Articulatory global branding: Generalizability, modulators, and mechanisms of the in-out effect in non-WEIRD consumers

Kosuke Motoki (Lead / Corresponding author), Abhishek Pathak

Research output: Contribution to journalArticlepeer-review

1 Citation (Scopus)

Abstract

As brands expand globally into linguistically diverse cultures, choosing effective brand names is becoming more important than ever. In brand naming, the in-out effect refers to the phenomenon where the articulation pattern (i.e., inward vs. outward movement of muscles when pronouncing the brand names) influences preferences. Here, we explore the generalizability, modulators, and mechanisms of the in-out effect among non-WEIRD consumers. Our findings reveal that 1) the use of inward (vs. outward) names increase consumer preferences regardless of product types 2) the consonant–vowel alignment modulates the effect and brand names that are completely inwardly aligned (e.g., BIKO, in which consonants and vowels both follow the outwards to inward pattern) are preferred over brand names that are partially inwardly aligned (e.g., BOKI) 3) the fluency of the name appears to be the underlying mechanism. The results are discussed in terms of implications for global branding.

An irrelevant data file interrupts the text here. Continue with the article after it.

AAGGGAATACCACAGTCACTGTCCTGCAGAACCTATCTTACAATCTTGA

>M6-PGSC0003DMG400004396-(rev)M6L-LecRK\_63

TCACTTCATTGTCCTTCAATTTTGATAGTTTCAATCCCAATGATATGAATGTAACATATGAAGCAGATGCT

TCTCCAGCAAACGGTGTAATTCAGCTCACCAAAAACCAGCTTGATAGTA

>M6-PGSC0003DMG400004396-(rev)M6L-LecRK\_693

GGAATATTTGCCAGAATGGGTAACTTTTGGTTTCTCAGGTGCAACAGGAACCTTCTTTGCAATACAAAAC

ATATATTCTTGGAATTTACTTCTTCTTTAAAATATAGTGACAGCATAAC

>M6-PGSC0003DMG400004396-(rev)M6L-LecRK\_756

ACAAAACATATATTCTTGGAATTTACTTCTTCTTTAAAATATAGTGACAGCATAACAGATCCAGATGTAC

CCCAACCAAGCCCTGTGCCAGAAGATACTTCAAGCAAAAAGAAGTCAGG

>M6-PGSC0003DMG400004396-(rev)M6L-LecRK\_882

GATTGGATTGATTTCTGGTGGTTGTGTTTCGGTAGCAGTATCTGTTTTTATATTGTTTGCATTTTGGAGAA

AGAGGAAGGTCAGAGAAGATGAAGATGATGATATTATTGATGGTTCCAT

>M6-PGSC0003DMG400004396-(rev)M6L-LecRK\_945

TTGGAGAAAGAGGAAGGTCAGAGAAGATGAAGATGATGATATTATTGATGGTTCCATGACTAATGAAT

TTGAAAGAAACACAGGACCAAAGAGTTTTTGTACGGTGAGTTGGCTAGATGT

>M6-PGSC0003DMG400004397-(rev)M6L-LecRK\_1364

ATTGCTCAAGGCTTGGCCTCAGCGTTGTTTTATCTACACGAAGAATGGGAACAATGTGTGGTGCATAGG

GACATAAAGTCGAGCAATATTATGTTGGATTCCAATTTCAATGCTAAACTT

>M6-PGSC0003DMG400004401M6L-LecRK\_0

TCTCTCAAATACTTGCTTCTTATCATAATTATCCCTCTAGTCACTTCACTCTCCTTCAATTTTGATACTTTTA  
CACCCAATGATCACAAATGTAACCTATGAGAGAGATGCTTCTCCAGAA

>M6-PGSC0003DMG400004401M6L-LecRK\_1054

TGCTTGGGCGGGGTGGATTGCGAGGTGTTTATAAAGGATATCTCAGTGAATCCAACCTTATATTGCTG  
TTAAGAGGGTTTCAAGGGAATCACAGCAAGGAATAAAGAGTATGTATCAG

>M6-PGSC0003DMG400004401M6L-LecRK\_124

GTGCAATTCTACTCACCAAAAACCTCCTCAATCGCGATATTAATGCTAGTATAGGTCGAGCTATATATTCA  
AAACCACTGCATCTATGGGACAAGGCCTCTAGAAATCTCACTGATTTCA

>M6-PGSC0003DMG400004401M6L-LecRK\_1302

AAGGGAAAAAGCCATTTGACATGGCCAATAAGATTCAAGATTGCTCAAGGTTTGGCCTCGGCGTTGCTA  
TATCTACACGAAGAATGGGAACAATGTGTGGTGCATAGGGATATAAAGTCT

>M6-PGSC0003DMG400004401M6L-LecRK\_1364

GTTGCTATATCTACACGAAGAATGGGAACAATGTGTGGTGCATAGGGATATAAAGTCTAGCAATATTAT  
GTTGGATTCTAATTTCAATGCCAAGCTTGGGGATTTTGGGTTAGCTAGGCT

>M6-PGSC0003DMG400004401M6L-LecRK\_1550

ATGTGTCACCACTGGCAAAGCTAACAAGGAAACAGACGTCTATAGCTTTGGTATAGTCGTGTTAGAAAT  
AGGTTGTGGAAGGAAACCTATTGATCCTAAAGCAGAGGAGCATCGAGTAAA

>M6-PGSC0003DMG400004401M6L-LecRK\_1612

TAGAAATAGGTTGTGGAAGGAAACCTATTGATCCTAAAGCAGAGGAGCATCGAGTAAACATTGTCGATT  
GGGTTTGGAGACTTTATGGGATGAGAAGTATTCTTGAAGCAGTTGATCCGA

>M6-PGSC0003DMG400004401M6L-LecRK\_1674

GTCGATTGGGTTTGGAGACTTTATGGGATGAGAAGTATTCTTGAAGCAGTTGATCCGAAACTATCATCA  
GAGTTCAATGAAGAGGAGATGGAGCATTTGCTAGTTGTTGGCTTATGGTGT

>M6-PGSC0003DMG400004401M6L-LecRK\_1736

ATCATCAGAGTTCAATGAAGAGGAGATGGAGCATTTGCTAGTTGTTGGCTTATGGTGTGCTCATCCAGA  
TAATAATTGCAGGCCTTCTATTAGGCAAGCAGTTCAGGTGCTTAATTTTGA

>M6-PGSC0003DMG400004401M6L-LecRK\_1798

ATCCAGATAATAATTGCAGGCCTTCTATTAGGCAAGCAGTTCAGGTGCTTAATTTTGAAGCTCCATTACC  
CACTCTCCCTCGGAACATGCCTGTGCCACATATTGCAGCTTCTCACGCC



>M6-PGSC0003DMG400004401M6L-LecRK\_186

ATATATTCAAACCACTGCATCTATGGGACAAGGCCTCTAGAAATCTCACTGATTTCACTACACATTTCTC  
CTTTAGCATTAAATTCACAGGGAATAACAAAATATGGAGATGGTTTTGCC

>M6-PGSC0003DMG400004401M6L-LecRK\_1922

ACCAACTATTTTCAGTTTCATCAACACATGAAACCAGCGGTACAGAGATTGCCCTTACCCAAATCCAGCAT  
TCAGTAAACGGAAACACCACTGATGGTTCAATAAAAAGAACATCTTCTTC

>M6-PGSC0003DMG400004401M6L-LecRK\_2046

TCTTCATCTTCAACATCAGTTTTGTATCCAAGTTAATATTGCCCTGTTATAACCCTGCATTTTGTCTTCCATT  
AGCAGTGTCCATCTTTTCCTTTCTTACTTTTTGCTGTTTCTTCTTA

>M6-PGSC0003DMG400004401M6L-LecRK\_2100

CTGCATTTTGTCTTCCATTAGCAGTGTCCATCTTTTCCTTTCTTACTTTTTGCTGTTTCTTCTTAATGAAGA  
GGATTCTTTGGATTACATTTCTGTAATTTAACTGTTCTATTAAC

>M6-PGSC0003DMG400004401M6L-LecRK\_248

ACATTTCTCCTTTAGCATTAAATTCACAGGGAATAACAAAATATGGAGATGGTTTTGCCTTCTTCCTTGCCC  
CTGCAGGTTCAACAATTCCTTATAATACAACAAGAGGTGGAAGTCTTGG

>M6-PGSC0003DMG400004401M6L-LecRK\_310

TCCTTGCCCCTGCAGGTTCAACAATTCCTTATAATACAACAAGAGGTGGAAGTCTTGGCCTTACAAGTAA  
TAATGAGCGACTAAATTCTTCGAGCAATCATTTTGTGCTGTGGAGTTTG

Original languageEnglish
Pages (from-to)231-239
Number of pages9
JournalJournal of Business Research
Volume149
Early online date21 May 2022
DOIs
Publication statusPublished - Oct 2022

Keywords

  • Brand names
  • Global branding
  • In-out effect
  • Fluency
  • Food branding

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